Douglas Bastard's Rants of Rage

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This article was written on 29 Jan 2017, and is filled under Uncategorised.

If I Can Dream

To the people who know Elvis as a fat man who wore jumpsuits and died on the toilet, parodied by people, both serious and mocking, on an almost hourly basis, I invite you to consider this.

At several points in his career and in a life marked by a titanic struggle with substance abuse and addictive behaviour of various kinds, years before people were allowed to discuss it openly, there were glimpses of another Elvis altogether. We forget that he was seen as a dangerously potent sexual force who would corrupt young girls and who looked both disturbingly androgynous and troublingly masculine, thirty years before David Bowie. And, for a brief instant in 1968, when a spate of assassinations rocked the world and the brief flowering of hope was all but extinguished, he did something amazing.

I’m not going to keep you waiting to find out what that amazing thing was, a well-used writer’s trick to make sure that you read to the end of the blog and one I’ve probably relied on more than I should. Instead, I’m going to tell you. What he did, as America was torn by division and strife was to stand up on a TV special that was, by turns, an eerie forerunner of MTV’s ‘Unplugged’ series and a fairly bizarre tribute to modern dance, and to sing a song called ‘If I Can Dream,’ a direct nod to Martin Luther King who had been gunned down in Memphis only a couple of months before.

This doesn’t seem like a big deal in 2017, but in America, in the late sixties, white people, let alone very famous white people from the South, didn’t ally themselves with the Civil Rights movement, let alone use a primetime TV show as a vehicle to advance the cause. Even now, Beyonce saying anything vaguely political is seized on as evidence of a strange, Marxist-driven desire to take over the USA and kill all white children, but back then, it was apocalyptically unlikely. When his three, black backing singers heard Elvis belt this one out at the top of his lungs like it was his last hour on Earth and looking like some supernatural avatar of human perfection, they cried.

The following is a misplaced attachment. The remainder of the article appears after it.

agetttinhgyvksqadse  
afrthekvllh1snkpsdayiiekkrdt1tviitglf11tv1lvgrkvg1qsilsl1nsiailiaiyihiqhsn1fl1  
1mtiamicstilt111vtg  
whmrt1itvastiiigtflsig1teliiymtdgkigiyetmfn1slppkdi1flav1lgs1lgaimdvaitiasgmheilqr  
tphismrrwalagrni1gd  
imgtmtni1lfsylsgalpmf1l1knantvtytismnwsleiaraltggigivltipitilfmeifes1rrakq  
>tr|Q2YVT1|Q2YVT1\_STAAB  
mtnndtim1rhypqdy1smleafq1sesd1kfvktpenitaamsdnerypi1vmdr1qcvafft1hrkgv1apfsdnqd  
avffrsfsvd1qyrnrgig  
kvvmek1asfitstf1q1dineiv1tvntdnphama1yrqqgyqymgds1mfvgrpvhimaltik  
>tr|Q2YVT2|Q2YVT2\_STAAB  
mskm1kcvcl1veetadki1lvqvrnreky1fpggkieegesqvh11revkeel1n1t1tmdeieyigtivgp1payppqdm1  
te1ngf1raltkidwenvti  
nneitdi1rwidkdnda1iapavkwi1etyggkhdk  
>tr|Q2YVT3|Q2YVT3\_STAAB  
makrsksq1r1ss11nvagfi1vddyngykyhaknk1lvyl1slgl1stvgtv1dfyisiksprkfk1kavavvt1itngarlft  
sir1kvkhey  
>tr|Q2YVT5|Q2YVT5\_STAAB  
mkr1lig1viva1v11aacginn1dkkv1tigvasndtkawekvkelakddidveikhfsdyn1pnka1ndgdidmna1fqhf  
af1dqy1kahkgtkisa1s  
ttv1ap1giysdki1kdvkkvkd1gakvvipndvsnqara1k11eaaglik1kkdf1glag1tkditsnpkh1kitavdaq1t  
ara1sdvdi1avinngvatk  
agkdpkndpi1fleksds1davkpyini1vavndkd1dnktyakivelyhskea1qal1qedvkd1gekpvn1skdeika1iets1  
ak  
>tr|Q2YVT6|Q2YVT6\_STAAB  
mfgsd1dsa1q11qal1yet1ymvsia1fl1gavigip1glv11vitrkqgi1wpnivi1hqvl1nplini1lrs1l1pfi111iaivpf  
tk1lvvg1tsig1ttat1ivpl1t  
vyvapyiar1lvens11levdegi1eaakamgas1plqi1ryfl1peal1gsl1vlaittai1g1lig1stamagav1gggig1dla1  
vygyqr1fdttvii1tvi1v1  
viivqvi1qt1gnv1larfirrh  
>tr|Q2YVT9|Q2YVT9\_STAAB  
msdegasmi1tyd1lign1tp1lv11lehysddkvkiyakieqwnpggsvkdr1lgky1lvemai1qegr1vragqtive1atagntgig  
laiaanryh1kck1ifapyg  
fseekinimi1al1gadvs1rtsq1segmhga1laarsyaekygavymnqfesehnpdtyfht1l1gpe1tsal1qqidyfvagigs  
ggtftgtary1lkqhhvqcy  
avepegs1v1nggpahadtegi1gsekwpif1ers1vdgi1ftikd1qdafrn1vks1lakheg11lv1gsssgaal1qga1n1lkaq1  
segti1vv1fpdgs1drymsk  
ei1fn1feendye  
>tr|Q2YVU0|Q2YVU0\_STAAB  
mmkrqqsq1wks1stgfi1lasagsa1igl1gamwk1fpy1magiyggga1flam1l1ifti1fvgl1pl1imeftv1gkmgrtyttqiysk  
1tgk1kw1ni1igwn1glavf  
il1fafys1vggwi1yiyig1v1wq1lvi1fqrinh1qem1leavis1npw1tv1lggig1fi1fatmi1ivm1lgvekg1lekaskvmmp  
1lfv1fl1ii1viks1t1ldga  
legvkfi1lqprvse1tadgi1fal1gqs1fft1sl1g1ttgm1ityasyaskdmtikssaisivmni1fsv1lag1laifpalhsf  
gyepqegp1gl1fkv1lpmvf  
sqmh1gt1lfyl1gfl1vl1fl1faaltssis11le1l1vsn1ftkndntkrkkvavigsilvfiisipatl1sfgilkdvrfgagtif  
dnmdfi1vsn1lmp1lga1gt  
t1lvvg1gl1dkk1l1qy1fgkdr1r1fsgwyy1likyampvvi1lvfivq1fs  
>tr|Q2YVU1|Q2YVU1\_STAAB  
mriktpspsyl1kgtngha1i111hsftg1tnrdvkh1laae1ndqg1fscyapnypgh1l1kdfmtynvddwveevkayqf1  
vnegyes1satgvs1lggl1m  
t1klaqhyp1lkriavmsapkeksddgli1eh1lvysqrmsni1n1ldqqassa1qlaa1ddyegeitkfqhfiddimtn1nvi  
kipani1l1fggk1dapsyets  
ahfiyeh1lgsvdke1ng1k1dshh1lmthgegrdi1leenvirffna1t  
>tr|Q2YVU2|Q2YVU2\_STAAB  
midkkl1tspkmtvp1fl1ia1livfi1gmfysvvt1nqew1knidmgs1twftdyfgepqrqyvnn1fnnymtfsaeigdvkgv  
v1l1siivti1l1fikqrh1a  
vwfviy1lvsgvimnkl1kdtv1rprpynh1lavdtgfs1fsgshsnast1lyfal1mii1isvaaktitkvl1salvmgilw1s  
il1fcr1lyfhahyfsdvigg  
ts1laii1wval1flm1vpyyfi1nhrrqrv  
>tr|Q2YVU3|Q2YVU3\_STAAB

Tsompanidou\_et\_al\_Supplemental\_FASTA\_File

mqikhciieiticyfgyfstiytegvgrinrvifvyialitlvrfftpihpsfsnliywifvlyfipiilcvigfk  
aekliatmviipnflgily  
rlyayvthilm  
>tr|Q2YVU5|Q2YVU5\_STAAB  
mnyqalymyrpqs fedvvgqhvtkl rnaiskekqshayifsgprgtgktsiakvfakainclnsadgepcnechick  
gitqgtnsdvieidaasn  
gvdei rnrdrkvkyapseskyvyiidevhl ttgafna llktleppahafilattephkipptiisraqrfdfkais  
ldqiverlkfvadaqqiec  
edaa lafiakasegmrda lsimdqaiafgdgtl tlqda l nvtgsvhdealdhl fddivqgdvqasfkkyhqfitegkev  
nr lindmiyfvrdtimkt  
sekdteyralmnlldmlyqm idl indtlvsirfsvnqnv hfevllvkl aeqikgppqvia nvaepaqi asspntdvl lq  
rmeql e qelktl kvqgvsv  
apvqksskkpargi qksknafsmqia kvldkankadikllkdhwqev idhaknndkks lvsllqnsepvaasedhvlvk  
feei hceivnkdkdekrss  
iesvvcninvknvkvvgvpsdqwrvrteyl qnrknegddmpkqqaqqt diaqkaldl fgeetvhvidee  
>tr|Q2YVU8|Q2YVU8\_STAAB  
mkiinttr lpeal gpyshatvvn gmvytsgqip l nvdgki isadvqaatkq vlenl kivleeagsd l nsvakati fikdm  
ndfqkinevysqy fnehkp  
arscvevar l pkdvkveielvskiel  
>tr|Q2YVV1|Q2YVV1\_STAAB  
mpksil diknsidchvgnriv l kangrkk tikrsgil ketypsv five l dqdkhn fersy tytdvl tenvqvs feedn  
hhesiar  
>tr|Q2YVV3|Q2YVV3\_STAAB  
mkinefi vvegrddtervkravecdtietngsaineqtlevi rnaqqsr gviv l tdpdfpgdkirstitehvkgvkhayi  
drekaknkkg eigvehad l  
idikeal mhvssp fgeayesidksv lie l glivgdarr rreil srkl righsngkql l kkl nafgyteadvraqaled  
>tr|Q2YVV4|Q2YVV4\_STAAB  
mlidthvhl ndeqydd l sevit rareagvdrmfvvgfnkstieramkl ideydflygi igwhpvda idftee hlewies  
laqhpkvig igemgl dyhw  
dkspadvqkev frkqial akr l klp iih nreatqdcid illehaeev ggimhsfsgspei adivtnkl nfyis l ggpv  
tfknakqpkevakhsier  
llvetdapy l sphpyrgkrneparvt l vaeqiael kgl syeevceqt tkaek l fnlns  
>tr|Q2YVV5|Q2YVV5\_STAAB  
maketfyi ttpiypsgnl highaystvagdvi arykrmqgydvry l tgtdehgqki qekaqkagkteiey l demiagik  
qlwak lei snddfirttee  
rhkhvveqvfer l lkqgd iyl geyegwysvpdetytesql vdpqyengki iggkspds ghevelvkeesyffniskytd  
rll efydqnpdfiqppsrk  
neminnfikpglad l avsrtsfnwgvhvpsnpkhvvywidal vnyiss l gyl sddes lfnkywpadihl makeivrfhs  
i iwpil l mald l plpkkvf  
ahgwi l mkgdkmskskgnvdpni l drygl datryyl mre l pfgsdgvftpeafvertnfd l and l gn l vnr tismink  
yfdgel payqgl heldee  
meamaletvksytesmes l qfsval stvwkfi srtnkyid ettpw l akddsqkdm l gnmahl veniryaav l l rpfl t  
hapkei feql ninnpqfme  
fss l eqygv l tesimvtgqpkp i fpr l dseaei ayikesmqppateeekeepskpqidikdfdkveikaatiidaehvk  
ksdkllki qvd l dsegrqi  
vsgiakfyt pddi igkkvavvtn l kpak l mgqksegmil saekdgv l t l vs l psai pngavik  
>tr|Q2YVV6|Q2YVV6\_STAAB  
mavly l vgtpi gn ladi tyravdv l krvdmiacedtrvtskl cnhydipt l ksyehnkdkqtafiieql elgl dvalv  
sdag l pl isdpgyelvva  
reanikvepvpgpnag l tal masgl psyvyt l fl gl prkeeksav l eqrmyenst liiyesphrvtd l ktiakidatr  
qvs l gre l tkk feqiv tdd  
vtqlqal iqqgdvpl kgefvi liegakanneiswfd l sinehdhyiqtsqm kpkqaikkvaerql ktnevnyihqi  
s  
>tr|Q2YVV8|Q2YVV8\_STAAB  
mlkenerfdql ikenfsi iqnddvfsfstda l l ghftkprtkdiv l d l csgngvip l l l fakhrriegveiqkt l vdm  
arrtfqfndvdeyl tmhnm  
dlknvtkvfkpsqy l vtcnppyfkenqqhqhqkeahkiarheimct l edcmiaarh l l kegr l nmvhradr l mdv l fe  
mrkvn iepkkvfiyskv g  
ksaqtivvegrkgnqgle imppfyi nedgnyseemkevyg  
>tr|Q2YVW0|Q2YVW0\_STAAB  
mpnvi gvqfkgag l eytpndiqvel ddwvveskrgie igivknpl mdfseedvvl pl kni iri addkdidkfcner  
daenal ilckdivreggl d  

Even the fact that he HAD three black backing singers he was prepared to appear on stage with and not seemingly think twice about would have seemed strange, but the fact that he was wearing a white suit and was, intentionally or otherwise, made to look ever so slightly like a Southern preacher standing at the pulpit exhorting his congregation to greater Godliness must have made white America crap in its chinos. Here was someone they thought had been made safe, first by the Army and then by a decade of strikingly anodyne films, each more glib and plastic than the last, playing a succession of racing drivers and helicopter pilots, and yet he’d risen from the swamp of mediocrity and was bringing Civil Rights into their homes.

For people that knew Elvis, perhaps its wasn’t surprising. He had grown up dirt poor, at a time when dirt poor whites often had the same status, in a segregated, unequal and barbarous South, as black people. His dad had served time in the penitentiary and had reportedly been whipped, which is thought to explain why he never took off his shirt for fear of revealing a scarred back. When Elvis grew up, he went to black churches, often sitting high up in the gallery so that nobody could see him because he enjoyed gospel music so much and frequented Beale Street in Memphis, where nice white boys really didn’t go. He dressed in whatever outlandish fashions he could find, favouring pink and black, marking him out from his contemporaries, and was bullied accordingly. By the white children, of course.